As they came past, Hamilton tried to dive down the outside of Rosberg into the chicane, right in front of us, one front tyre smoking from a lock-up. The gap wasn’t there though – he brushed the grass and then aborted the chicane in favour of the gravel trap, dropping to tenth in the process.
As the race unfolded, the Ferraris pulled out an unexpected advantage and we were treated to some great racing throughout the field. The German girl next to us got lots of chances to cheer her hero Ricciardo’s progress in the Red Bull. Kvyat was well-positioned, too. One of the Manors was trailing well behind the field, having had to pit, but was getting generous applause as he came through all the same.
After taking a while to wrest ninth from Massa, Hamilton was now on a headlong charge through the field. The screen was too small / far away to be able to make out the timings, so my sister started taking old-school stopwatch-style timings on her phone. We watched him surge to fourth, then begin slicing great chunks out of Rosberg’s lead in a thrilling chase, with backmarkers adding to the complication.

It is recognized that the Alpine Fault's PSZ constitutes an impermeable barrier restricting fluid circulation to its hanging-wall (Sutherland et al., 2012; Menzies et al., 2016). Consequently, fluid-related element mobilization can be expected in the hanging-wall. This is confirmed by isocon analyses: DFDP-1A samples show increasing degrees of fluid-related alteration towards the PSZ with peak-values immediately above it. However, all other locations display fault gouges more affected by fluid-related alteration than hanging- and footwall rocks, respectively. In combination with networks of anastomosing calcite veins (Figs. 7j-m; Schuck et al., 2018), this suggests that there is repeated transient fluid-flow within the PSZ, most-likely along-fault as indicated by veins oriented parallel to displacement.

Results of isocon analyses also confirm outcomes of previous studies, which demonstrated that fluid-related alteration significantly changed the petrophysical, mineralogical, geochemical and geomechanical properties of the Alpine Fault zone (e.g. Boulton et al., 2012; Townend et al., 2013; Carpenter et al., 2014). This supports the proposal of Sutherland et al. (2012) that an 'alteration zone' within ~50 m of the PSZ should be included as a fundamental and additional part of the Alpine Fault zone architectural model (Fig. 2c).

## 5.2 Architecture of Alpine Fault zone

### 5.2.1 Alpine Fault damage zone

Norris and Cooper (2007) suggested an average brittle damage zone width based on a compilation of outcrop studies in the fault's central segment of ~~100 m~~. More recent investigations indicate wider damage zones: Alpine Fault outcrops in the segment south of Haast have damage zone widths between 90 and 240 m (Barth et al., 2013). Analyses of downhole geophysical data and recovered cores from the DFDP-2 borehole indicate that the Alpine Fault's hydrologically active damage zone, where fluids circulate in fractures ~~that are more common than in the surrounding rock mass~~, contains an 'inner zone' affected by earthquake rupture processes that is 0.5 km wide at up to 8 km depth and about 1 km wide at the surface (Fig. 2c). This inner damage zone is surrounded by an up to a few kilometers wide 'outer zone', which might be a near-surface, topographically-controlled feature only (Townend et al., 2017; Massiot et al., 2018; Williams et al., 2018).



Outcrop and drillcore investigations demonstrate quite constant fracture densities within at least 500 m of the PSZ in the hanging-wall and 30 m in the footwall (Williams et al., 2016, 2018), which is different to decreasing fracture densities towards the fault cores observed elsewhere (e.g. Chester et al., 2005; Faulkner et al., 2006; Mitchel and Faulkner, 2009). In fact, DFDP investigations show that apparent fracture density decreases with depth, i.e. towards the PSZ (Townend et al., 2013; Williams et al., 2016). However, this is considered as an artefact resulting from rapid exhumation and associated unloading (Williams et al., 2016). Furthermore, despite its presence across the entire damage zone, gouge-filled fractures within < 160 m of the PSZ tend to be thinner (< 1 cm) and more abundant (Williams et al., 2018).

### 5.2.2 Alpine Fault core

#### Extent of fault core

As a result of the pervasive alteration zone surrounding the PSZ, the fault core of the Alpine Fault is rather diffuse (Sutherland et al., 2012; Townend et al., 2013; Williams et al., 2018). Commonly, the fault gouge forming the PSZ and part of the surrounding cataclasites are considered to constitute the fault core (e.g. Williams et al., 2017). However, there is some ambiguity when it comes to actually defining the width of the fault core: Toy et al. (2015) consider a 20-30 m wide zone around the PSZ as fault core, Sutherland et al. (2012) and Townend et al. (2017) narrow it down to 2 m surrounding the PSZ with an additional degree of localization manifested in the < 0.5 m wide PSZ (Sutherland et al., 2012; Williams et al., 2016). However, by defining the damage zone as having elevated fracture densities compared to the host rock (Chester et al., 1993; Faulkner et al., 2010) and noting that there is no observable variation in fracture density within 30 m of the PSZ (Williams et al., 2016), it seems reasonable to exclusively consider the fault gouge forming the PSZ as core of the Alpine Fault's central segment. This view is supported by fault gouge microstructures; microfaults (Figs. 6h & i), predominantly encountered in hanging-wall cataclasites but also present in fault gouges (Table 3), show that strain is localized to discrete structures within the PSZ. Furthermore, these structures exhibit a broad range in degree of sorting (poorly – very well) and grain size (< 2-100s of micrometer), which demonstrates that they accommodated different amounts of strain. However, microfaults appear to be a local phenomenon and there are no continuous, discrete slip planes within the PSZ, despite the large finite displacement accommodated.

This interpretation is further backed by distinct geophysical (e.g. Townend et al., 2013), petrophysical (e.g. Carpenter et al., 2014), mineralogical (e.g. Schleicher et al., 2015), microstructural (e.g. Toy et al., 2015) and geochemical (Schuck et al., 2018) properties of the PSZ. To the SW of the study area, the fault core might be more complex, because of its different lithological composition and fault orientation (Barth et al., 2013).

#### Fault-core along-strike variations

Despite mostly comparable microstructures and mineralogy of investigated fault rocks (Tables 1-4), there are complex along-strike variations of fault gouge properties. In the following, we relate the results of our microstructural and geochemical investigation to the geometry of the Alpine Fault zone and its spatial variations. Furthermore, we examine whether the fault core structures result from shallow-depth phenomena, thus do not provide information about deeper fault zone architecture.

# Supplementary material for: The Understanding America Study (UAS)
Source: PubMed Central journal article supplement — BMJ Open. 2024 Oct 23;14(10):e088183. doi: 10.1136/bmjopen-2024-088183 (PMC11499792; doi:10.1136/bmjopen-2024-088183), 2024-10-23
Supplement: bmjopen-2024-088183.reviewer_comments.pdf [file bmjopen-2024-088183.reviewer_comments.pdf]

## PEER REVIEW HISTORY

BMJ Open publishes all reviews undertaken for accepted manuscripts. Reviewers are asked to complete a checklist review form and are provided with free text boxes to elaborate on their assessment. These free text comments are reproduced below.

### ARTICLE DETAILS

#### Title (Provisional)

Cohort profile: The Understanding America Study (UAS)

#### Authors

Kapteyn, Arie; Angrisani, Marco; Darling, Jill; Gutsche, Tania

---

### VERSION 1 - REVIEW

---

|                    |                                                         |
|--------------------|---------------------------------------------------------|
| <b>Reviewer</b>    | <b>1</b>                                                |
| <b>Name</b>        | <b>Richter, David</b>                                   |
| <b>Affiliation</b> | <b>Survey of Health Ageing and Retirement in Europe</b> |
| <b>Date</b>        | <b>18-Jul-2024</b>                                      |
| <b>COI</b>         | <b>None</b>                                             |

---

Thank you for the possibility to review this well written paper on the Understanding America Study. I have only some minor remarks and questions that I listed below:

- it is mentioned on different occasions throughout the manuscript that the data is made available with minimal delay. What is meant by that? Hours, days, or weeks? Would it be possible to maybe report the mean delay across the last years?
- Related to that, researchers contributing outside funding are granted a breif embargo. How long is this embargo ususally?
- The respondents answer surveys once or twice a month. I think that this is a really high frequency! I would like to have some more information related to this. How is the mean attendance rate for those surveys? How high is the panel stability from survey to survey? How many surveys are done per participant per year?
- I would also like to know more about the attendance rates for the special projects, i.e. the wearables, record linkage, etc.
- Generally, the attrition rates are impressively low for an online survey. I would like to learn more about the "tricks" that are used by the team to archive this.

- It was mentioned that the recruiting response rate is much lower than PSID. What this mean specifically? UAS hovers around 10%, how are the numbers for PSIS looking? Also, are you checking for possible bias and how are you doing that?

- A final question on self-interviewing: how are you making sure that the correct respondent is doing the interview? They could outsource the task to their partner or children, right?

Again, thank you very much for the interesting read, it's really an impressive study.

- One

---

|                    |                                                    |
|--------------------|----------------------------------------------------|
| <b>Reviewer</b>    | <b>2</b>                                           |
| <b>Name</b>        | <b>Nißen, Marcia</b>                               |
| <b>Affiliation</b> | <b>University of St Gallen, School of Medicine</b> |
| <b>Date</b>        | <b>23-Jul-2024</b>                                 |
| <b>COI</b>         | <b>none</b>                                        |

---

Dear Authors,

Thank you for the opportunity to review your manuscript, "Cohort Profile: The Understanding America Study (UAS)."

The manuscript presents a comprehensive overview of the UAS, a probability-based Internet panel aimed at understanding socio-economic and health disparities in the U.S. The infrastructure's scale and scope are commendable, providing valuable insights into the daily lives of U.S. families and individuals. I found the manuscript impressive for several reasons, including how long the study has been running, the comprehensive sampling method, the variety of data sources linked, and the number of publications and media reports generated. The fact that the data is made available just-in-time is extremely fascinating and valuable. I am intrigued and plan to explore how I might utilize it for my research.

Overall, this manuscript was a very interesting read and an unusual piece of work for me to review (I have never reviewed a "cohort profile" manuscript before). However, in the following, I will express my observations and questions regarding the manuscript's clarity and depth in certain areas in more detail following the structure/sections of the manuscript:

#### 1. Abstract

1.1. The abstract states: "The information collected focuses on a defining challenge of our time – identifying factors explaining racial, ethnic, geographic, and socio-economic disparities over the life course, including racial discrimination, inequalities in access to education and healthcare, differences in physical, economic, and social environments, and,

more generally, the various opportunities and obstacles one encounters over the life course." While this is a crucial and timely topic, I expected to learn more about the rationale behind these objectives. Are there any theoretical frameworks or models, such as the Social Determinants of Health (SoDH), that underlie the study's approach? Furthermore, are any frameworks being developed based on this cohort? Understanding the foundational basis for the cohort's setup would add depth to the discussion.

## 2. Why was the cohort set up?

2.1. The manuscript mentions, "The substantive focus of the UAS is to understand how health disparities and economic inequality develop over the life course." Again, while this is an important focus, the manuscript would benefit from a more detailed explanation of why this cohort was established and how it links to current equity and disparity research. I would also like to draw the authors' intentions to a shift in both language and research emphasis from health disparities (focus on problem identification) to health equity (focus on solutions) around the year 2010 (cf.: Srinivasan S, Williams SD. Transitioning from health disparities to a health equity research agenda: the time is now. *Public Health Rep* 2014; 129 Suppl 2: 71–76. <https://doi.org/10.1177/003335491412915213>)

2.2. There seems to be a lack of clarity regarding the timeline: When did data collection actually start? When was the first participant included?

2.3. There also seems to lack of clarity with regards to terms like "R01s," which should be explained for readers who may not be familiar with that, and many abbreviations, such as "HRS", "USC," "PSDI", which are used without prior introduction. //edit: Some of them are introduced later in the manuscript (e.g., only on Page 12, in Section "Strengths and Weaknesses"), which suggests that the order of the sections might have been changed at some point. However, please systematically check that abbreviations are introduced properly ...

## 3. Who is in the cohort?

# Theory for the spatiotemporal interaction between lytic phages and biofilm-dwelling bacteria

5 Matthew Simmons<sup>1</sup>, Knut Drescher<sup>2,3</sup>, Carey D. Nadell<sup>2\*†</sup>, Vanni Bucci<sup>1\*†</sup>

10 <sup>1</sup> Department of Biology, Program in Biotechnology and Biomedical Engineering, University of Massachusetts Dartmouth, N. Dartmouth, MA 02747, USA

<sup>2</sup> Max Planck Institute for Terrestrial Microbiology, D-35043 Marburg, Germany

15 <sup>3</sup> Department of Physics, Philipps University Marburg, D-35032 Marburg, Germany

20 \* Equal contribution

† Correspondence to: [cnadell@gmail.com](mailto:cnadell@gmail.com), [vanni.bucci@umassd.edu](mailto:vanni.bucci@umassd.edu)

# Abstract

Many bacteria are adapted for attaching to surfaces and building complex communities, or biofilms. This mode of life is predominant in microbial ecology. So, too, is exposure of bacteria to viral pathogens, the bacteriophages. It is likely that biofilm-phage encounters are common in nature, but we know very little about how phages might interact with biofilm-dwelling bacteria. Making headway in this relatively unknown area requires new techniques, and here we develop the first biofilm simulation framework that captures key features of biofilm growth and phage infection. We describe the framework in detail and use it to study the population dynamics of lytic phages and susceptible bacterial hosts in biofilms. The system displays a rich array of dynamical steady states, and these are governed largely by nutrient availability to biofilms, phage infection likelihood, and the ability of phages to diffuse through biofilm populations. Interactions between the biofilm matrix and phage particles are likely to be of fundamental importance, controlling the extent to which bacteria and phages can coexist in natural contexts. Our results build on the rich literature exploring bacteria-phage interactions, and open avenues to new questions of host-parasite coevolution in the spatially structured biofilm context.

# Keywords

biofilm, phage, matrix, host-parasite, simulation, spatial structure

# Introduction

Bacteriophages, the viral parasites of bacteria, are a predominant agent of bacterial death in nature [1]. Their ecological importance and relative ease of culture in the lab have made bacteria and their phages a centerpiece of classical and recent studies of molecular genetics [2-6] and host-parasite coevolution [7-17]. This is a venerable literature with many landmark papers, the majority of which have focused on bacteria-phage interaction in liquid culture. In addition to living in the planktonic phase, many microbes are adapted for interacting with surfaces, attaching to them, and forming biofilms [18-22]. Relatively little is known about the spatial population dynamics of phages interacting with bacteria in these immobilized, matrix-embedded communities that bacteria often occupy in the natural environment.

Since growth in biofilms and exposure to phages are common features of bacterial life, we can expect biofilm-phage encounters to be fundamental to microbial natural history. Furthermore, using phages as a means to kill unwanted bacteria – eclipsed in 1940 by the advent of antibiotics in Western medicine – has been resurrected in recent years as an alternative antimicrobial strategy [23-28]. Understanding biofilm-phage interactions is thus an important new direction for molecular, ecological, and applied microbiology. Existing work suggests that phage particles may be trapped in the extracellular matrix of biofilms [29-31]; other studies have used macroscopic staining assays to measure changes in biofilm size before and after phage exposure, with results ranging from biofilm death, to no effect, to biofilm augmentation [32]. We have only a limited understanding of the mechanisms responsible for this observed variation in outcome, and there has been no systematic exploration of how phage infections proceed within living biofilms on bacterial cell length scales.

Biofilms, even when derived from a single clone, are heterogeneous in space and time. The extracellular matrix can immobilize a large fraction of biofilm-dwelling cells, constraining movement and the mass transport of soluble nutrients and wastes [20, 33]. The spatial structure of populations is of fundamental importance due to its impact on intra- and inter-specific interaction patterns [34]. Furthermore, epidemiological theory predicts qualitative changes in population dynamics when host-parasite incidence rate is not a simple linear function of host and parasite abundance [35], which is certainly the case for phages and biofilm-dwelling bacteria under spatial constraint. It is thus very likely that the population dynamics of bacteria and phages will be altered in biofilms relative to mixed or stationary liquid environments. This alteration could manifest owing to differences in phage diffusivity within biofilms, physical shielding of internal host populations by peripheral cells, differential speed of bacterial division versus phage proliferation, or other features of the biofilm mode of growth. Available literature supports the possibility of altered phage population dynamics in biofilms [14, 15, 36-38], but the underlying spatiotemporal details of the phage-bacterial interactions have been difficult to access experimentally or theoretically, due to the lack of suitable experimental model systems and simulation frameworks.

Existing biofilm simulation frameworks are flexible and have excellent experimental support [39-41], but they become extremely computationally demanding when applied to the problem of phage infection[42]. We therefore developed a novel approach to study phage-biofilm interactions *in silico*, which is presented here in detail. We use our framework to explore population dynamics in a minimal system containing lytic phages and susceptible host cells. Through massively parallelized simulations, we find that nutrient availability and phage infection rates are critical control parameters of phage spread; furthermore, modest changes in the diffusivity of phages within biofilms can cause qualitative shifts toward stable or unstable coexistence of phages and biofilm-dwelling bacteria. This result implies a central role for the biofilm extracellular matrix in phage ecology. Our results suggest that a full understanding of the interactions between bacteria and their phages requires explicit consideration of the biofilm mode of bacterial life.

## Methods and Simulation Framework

Then Hulkenberg suffered a dramatic front wing failure, going straight on into the tyres at Turn 1. We’d seen impacts like this many times before, and you could tell he was going to be okay. However, in light of the recent passing of Bianchi, everyone was that bit more sensitive to the wellbeing of the drivers, and a hush fell until it was clear he was fine and dandy. It was the same way all weekend.